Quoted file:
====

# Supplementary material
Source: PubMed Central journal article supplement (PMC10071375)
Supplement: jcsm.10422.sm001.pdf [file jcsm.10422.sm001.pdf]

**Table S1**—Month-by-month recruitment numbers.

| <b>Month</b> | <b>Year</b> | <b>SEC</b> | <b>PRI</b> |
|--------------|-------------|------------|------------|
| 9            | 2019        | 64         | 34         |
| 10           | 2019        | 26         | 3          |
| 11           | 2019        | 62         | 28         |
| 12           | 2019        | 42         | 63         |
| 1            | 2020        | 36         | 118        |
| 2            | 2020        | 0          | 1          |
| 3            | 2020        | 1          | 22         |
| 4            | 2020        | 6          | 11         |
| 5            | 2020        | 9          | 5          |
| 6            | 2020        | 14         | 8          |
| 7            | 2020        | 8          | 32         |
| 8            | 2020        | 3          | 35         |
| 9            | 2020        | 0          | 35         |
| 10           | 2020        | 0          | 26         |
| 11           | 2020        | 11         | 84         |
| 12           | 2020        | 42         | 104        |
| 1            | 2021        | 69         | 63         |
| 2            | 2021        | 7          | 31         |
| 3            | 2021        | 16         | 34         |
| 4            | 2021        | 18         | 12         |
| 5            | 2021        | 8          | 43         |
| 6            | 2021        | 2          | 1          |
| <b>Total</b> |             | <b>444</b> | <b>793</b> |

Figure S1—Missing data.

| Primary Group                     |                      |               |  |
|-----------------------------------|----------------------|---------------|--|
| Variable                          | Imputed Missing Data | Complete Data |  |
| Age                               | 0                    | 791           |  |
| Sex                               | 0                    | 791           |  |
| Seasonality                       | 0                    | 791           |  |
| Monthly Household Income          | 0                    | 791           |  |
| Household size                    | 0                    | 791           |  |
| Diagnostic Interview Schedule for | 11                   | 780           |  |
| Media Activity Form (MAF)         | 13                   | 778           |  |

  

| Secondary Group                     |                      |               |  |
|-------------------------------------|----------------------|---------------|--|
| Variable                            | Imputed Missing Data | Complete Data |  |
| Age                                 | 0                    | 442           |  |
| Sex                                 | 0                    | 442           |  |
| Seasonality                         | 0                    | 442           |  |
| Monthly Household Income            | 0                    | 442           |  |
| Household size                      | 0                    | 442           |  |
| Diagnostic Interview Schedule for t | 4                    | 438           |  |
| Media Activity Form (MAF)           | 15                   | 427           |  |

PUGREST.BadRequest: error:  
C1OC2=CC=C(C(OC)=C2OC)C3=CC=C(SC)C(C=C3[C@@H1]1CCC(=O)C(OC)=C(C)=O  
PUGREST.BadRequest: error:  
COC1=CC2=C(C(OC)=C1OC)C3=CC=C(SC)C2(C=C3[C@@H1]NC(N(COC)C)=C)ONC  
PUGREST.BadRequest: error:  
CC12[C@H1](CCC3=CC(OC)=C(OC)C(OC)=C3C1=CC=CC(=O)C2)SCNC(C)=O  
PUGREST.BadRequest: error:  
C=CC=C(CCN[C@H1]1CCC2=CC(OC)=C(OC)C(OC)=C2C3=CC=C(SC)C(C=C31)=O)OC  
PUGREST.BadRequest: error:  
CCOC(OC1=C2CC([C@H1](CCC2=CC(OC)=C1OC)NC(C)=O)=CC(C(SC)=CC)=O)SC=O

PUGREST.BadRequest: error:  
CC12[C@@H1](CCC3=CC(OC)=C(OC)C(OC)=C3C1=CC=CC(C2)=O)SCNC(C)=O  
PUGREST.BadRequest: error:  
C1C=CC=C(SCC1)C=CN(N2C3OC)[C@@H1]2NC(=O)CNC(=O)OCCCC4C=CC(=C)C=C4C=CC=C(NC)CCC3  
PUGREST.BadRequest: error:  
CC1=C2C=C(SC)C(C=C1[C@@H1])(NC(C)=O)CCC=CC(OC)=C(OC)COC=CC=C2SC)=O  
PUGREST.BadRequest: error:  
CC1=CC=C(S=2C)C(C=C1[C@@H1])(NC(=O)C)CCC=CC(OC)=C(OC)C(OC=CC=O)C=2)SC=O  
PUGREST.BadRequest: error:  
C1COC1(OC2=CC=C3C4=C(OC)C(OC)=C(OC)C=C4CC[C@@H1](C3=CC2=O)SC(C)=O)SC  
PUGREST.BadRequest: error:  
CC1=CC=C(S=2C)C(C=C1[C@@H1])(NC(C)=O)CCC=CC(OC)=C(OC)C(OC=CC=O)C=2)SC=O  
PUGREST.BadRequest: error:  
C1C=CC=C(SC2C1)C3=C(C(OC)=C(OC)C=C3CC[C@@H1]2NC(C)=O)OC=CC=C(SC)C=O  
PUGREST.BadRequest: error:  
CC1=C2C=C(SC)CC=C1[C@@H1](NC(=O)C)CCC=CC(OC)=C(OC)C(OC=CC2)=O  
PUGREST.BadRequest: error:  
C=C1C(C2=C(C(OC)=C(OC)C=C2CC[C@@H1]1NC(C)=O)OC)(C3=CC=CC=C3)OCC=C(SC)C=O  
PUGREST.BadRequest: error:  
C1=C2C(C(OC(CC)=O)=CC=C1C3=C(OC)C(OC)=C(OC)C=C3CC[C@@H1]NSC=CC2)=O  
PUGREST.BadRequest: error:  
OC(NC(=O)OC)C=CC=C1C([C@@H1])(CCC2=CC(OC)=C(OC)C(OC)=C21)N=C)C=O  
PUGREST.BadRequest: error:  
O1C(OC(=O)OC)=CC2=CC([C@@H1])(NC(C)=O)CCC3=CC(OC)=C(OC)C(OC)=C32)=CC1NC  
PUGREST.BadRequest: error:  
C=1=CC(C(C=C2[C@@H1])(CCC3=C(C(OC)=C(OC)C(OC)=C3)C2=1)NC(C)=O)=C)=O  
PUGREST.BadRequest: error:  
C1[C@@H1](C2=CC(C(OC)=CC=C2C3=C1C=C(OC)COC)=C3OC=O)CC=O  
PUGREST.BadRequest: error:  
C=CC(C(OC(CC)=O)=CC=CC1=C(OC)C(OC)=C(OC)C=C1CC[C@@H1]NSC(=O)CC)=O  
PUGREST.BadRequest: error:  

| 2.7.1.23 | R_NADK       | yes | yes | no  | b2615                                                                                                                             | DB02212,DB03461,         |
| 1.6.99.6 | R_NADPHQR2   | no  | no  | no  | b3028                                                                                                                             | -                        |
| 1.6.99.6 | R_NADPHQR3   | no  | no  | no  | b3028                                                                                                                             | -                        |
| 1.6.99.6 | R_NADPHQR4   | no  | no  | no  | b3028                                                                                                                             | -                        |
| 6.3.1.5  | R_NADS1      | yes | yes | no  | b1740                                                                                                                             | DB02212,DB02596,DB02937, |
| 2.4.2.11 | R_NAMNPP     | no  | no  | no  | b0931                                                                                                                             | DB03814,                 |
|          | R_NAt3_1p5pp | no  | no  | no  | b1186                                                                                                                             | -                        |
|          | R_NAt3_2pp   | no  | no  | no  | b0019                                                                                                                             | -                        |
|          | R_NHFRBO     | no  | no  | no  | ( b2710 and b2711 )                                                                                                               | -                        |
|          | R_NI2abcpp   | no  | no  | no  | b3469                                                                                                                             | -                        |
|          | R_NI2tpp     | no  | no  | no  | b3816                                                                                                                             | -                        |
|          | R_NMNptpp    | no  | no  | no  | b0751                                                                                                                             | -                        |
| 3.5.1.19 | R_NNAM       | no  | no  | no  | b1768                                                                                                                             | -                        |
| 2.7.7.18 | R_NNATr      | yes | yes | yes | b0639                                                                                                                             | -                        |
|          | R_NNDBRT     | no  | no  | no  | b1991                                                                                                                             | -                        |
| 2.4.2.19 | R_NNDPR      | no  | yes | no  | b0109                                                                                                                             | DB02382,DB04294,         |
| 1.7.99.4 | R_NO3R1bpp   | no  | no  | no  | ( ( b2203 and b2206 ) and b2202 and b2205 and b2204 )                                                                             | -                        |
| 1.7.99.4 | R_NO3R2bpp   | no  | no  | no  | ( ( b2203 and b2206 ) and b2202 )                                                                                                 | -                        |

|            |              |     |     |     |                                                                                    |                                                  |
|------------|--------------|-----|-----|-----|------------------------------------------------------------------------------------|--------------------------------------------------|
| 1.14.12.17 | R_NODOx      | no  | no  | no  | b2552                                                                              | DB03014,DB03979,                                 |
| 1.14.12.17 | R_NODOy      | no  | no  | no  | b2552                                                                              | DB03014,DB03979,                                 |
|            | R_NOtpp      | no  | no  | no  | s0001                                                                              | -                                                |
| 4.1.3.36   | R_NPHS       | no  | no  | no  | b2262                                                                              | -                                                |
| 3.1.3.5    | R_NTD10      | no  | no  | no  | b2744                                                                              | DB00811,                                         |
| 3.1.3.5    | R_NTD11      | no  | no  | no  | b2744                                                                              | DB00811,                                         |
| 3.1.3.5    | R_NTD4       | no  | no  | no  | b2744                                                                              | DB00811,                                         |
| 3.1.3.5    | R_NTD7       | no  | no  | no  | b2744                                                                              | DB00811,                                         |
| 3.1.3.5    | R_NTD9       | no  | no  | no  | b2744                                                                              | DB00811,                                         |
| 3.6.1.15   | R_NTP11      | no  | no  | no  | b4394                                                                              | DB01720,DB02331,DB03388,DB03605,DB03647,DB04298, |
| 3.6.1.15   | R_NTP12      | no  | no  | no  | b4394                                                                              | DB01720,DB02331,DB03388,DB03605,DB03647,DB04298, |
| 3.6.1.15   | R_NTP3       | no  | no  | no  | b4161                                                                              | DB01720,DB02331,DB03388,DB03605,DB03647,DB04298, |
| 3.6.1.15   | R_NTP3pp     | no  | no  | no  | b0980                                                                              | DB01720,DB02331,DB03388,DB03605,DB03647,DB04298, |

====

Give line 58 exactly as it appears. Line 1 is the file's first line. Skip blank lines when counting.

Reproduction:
C=CC=C(CCN[C@H1]1CCC2=CC(OC)=C(OC)C(OC)=C2C3=CC=C(SC)C(C=C31)=O)OC  